some experiments with Concise Method Bodies

Stuart Marks stuart.marks at
Mon Oct 15 18:39:49 UTC 2018

When I first saw the CMB proposal, I immediately thought "delegation" and so I 
thought it would be useful to see how CMB could be applied in this area. The 
example I chose was the implementation class for 
Collections.unmodifiableCollection(), which returns an instance of a wrapper 
class [1] that delegates most (but not all) method calls to the backing collection.

I cloned the amber repo and updated to the concise-method-declarations branch. 
Building the JDK from this branch worked smoothly. Compiling "Hello, world" worked:

     public class Concise {
         public static void main(String[] args)
             -> System.out.println("Hello, concise method bodies!");

I took Collections$UnmodifiableCollection and extracted it into a standalone 
class [2] and stripped out some extraneous stuff. I then copied 
it to [3] and converted it to use CMB. Along the way I made some 
shortening transformations that didn't directly relate to CMB, so I retrofitted 
them back to The results are more-or-less diff-able.


* I was able to use CMB for almost everything. These wrapper classes consistent 
almost entirely of one-liners, to which CMB can be directly applied.

* The CMB version is a bit prettier. Lack of 'return' and braces reduces visual 
clutter, and in a few cases it enabled things to be moved onto a single line, 
reducing vertical space.

* Note that these wrapper classes already bend the usual style rules for braces 
and statements of a method body, e.g., even in the original we have the method

     public int size() {return c.size();}

written on a single line. If the style were followed strictly, this would be 
written on three lines. There's a reason for this; writing all these one-liners 
in standard style would waste an egregious amount of vertical space. CMB syntax 
provides a much bigger win over standard style than over the non-standard, 
compact style used in these Collections wrapper classes.

On the other hand, while the non-standard, compact style does save vertical 
space, it's kind of annoying to deal with, because it's non-standard. In my 
opinion the tradeoff is in favor of the compact style. But CMB mostly relieves 
us of having to make this tradeoff at all.

* None of these methods have javadoc, since this is a private implementation class.

* Many of the delegating methods can be written using the method reference form:

     public int size() = c::size;

This would produce a marginal improvement in the syntax, mostly by removing the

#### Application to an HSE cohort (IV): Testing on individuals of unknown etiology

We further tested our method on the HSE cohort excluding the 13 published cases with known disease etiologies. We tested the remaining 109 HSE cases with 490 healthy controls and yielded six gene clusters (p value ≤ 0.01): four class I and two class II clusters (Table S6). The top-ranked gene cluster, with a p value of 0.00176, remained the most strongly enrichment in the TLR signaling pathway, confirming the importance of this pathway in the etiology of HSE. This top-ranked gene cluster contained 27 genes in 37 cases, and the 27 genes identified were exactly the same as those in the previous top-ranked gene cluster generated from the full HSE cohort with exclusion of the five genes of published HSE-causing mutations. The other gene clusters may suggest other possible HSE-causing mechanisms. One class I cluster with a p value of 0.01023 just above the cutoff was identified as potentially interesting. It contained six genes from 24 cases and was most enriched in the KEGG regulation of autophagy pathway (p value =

need for a set of parens and the need to pass parameters explicitly. The issue 
of time-of-evaluation of the receiver mostly doesn't arise here, since the 
delegate is a final field initialized by the constructor.

* I tried to use CMB for the constructor, but I got an error message saying it 
was disallowed. No great loss, and makes some sense, I guess.

* Many of the methods throw exceptions. I had a bit of a wrestling match with 
this. My first attempt was

     UnsupportedOperationException uoe() -> new UnsupportedOperationException;
     public boolean add(E e) -> throw uoe();

But this doesn't work, because 'throw' isn't an expression, and the concise body 
is required to be an expression of the right type even though we know the method 
can never return normally. Of course, one can do this:

     public boolean add(E e) { throw uoe(); }

but I wanted to use CMB. My next attempt was this:

     boolean throwUOE() { throw new UnsupportedOperationException(); }
     public boolean add(E e) -> throwUOE();

Now this works, but it's a hack. Most of the throwing methods happen to return 
boolean, so I was able to declare the helper method to return boolean as well. 
It can also be used for void-returning methods. But if I had needed to delegate 
several throwing methods that had different return types, I wouldn't be able to 
do this.

I tried to use the method reference form to deal with the throwing methods, but 
that didn't work, since those methods all take different parameters.

It would be nice if I could just do

     public boolean add(E e) -> throw new UnsupportedOperationException();


     public boolean add(E e) -> throw uoe();

where uoe() returns an exception instance.


Summary: it was fun playing with this feature. It seems to clean things up a 
little bit, and for classes that are all one-liner methods the little savings 
add up to a lot. The savings are incrementally greater compared to a 
hypothetical wrapper class that uses the standard coding style. CMB doesn't seem 
to be a must-have feature, at least not yet, but it does seem to have some 





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